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Spokane MMA trainer and promoter Rick Little returns with Saturday’s Conquest of the Cage at Northern Quest

Feb. 2, 2023 Updated Thu., Feb. 2, 2023 at 9:23 p.m.

In this 2021 photo at her home gym in Mead, Julianna Peña and trainer Rick Little show off the UFC title she earned by beating Amanda Nunes in Las Vegas.  (Jesse Tinsley/The Spokesman-Review)
In this 2021 photo at her home gym in Mead, Julianna Peña and trainer Rick Little show off the UFC title she earned by beating Amanda Nunes in Las Vegas. (Jesse Tinsley/The Spokesman-Review) Buy this photo
By Charlotte McKinley For The Spokesman-Review

Rick Little’s quick exit from inside the mixed-martial arts octagon two decades ago hasn’t stopped him from becoming a force outside of it.

Little, whose career lasted just a handful of fights “because it wasn’t fun,” has trained dozens of MMA fighters over the years – including Spokane UFC champion Julianna Peña and longtime title contender Michael Chiesa.

The owner of Spokane’s Sik-Jitsu Fighting Systems and Excitefight MMA has also been expanding into promotions over the years.

That continues at 7 p.m. Saturday when Little stages his next Conquest of the Cage at Northern Quest Resort & Casino.

Little is confident his fighters will put on a terrific show.

“Everybody I’ve been contacting, I feel like I’m helping out or trying to help out or giving him an opportunity as a promoter and I enjoy it,” Little said. “If you excel on Rick’s show, then you’re probably going to the UFC, so I have a lot of fighters I want to fight on it.”

Little’s fight promotion started in 2007 in the now-closed Crazy 8’s nightclub. From there, it grew to other venues such as the Coeur d’Alene Casino, Northern Quest and Muckleshoot Casino Resort, with many of the events boasting sold-out seating.

Revenue is not the main drive behind the promotions, Little said. He wants to provide an experience better than the ones he had when he first started.

While Little’s fighters have ample opportunities to take fights throughout the nation, fighting on his Conquest of the Cage events is special to his students, as many of his fighters have not only started there but have moved on to the UFC from those experiences.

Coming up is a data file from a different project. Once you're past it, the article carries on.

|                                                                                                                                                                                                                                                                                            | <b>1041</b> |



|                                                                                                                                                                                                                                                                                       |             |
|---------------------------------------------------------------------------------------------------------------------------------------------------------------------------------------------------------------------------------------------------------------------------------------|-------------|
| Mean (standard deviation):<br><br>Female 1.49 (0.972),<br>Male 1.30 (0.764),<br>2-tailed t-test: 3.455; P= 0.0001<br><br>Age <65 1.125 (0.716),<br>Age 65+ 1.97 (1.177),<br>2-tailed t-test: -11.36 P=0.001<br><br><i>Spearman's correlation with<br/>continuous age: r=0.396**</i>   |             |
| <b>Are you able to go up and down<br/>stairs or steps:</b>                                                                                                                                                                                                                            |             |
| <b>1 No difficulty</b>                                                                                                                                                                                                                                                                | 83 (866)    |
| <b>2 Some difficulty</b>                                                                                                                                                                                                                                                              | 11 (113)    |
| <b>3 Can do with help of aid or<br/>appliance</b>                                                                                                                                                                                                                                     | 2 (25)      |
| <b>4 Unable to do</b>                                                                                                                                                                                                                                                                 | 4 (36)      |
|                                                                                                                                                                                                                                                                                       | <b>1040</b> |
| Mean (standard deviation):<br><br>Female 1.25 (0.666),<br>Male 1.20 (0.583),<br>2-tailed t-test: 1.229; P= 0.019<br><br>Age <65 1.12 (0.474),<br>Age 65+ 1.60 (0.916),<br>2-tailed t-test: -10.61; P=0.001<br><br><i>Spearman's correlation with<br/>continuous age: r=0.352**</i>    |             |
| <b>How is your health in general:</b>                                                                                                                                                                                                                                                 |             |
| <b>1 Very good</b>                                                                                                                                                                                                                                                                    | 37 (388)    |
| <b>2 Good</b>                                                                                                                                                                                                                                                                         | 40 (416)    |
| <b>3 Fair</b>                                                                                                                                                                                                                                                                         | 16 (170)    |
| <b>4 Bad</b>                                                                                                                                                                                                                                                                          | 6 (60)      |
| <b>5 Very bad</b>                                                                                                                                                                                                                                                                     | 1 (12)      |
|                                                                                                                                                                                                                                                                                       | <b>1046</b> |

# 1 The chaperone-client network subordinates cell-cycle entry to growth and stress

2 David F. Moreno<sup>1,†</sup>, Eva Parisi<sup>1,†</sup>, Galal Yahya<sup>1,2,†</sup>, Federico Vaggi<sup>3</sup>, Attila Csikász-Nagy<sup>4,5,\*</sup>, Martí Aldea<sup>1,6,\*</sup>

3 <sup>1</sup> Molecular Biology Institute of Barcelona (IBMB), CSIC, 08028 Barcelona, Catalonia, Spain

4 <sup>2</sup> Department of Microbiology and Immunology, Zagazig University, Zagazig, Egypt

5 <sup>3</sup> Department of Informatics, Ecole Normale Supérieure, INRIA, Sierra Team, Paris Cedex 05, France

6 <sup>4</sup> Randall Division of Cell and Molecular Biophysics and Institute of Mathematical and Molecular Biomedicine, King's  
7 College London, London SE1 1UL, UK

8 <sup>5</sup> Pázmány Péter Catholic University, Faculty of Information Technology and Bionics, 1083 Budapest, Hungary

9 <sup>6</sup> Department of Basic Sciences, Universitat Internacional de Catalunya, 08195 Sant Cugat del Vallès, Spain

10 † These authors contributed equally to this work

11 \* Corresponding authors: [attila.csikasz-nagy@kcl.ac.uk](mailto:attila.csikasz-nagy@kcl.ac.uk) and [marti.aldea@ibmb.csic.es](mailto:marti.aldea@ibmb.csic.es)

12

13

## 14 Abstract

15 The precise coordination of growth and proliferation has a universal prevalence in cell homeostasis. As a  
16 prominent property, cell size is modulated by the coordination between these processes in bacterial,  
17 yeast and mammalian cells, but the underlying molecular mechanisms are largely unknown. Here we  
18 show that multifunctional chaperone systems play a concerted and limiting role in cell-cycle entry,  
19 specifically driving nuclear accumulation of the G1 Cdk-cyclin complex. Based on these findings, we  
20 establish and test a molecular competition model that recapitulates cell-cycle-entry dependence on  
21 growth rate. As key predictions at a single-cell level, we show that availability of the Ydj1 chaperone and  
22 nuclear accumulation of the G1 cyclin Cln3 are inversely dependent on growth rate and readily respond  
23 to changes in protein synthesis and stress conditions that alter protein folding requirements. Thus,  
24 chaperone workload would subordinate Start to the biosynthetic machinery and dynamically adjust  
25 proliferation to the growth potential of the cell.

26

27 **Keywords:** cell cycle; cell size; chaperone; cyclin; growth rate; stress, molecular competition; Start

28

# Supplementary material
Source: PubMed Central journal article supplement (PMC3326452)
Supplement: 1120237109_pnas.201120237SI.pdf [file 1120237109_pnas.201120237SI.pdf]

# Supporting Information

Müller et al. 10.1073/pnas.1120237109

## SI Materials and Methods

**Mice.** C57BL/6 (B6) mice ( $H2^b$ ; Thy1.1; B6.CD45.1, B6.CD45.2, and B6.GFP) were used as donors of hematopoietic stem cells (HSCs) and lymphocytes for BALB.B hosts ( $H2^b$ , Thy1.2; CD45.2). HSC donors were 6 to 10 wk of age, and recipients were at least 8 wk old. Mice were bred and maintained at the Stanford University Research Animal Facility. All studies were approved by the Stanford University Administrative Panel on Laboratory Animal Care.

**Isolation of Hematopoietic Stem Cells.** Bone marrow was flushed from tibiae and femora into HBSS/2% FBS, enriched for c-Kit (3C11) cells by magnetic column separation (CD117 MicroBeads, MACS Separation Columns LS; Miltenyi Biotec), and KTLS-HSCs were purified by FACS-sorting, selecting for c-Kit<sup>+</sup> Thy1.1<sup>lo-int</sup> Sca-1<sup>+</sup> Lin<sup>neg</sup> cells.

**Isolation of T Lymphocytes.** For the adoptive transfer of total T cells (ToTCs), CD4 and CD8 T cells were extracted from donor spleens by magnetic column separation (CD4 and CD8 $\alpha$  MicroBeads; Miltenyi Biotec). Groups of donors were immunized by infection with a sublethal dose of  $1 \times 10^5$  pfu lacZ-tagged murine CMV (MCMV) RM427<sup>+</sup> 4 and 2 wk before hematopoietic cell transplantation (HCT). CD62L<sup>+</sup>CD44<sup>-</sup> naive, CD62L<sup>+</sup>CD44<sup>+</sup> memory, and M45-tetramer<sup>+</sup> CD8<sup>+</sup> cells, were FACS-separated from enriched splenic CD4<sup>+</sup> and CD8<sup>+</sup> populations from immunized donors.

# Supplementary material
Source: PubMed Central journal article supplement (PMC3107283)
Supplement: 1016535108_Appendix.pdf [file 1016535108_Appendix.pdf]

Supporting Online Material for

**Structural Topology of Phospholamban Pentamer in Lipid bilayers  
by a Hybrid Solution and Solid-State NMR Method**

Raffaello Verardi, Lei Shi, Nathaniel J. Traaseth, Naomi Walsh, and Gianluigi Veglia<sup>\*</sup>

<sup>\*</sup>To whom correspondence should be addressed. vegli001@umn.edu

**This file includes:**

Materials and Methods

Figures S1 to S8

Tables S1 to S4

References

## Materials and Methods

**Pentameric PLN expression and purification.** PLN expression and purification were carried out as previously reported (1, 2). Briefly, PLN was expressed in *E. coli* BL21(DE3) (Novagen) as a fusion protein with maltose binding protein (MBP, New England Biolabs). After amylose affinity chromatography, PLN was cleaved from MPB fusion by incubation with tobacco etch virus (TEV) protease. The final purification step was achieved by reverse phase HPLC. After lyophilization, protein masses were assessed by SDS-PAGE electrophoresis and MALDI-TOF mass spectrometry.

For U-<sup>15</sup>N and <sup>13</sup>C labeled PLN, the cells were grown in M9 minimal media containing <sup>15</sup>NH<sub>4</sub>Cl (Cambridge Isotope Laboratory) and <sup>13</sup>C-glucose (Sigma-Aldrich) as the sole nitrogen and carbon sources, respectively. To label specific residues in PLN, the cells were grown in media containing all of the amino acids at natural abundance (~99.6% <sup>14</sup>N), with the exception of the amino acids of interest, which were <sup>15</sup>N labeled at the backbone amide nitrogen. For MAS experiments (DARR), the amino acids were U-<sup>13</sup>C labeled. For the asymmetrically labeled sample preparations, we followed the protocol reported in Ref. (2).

“My Excitefight shows constantly produce two or three UFC fighters,” he said. “No other show around here can say that – they just produce money in their pocket. I feel like that’s a problem that these fighters that are very bright will see.”

Growing up, Little said he was “fairly decent in sports” but not good enough to compete at the collegiate level. After he watched Royce Gracie in the Ultimate Fighting Championship, he was inspired to start his martial arts journey.

“I was just so motivated by him because he was smaller and (showed) that regardless of size, you can win,” Little said. “It made me want to learn jiujitsu and martial arts and keep my sporting heart alive.”

Not long after, Little stepped into a gym and started training. He soon had his first mixed martial arts cage fight and subsequently realized that fighting was not for him.

“I definitely got out of fighting pretty quick,” he said.

Being a fight promoter, however, seemed right up his alley.

“I observed what was going on with promotions and local promoters … and I decided this is simple,” he said. “I can come into this and make fair matches and find out who the real athletes and winners are and bring them along.”

After taking control of what he saw as a need, Excitefight MMA and Conquest of the Cage were born.

“One thing for me was my heart was in the ethical instead of the monetary way of doing things,” Little said. “(That’s how I) became a coach (and) promoter.”

Little started training out of his home before transitioning to a full-time location. In recent years, Little has taken his gym back to his garage where classes for youths, amateurs and professionals take place.

MMA hopefuls kept coming to Little for his coaching, among them Peña and Chiesa. There was something different about the way Little coached – straight to the point and without elaboration, according to current student and MMA athlete Ashton Charlton.

“It’s the real stuff that works,” Charlton said. “It’s not like we don’t care about flashy kicks or stuff that looks cool. We just care about what works in a real situation in a real fight.”

There are three ingredients in a stable fighter-coach dynamic, Little said: Trust in the fighter, trust in the coach and a coach who knows what they are doing.

“I’ve been in this longer than everybody and I know what I’m doing,” he said.

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